Furthermore there seems to be little utility for us to continue to hold nuclear weapons. As was said in 1999 by Paul Nitze, the man who wrote NSC-68 the document that started the post war rearming of the USA. The advancements in conventional weapons mean that the USA can now achieve all of its military goals with conventional forces, making the continuing stocks of nuclear weapons superfluous and morally indefensible. Obama’s policy is entirely logical. Nuclear weapons no longer serve the needs of the United States, encourage proliferation and international law requires the US to  move towards disarmament.

In terms of your argument that nuclear weapons can be a deterrent to further proliferation, keeping nukes would surely not achieve this goal. Nuclear weapons of course are only a credible threat if the enemy believes they will be used and I find it inconceivable that any sane person would use a nuclear weapon to retaliate for another state obtaining them. Despite the fact that these new nuclear states would not have the capacity to “win” a nuclear confrontation with the US, nuclear weapons are more often acquired not as a means of attack but as a deterrent to a conventional invasion. This was after all the rational for France acquiring the bomb because it knew that NATO forces would not be able to stop a conventional invasion of Western Europe by the Soviet Union.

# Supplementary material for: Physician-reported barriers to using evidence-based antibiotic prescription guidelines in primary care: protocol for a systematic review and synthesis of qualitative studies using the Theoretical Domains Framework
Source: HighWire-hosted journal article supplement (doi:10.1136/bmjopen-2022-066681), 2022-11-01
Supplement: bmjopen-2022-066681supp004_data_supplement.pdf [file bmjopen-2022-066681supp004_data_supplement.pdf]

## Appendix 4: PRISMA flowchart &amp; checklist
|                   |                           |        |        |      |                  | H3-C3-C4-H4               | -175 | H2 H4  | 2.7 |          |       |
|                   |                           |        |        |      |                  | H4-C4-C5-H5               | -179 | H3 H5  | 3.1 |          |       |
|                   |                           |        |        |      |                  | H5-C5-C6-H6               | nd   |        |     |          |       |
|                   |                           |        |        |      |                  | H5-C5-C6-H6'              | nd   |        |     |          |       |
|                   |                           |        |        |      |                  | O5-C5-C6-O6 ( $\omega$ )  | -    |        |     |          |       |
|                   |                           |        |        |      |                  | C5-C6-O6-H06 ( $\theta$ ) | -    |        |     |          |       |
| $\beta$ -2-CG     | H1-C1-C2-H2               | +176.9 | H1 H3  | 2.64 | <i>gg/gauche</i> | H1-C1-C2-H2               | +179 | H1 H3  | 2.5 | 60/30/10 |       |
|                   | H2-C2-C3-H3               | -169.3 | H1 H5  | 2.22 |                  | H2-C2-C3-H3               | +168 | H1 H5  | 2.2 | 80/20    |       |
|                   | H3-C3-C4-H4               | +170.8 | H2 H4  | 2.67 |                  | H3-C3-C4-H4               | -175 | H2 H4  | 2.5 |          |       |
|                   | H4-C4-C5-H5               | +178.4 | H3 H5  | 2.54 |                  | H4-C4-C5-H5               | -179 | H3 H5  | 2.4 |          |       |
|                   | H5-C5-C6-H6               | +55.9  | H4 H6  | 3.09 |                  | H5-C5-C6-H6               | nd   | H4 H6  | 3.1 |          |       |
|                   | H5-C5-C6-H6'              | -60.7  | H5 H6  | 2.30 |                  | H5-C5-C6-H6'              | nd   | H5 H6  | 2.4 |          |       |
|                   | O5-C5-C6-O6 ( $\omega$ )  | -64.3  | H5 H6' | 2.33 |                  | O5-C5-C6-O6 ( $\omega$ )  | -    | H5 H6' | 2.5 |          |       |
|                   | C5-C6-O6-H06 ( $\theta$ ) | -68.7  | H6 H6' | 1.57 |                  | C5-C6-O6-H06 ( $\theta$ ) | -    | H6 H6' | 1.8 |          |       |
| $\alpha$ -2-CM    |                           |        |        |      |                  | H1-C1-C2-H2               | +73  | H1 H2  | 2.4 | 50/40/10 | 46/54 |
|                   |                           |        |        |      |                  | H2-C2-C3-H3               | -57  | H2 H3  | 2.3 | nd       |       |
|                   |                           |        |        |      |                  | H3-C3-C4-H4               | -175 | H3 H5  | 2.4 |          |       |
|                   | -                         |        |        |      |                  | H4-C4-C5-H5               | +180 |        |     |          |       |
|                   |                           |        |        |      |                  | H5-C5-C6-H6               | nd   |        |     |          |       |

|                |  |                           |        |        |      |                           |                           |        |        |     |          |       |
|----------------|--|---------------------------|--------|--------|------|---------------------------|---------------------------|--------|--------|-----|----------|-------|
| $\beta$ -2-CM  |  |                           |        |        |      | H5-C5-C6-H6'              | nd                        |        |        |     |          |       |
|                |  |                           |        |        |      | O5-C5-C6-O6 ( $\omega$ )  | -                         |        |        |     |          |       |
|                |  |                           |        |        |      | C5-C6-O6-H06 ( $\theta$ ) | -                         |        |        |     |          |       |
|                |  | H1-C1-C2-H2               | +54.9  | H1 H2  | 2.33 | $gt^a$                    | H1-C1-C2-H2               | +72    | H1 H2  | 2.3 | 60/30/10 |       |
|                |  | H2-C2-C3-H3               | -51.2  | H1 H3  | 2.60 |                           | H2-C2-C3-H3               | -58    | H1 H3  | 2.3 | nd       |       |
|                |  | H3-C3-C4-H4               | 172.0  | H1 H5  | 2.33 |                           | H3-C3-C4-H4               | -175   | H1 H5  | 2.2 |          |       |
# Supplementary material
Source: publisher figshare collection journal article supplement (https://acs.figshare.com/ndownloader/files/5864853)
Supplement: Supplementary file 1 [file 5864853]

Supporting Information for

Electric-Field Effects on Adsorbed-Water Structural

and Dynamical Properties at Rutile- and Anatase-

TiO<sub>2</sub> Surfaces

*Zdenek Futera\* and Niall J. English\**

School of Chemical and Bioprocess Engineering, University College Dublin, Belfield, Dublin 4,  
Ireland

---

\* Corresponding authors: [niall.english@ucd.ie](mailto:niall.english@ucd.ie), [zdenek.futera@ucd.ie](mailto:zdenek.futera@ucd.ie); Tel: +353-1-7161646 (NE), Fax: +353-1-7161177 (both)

Finally I will end by reminding you that the debate over nuclear weapons is not only about military tactics or strategy, but it is about the very survival of the human race. The nuclear weapons in existence today have the potential to destroy the planet. Given the gravity of the subject at hand I therefore find it insufficient to argue that nuclear weapons should be held simply because we can not foresee the future. It is precisely at this time, when there are no foreseeable threats, that we should be disarming. If not now then when? If not the US than who? and if not then what? The goal of a nuclear free world would be one of the greatest achievements in all history and it is something that is possible within our lifetimes, if we can rise to meet the challenge.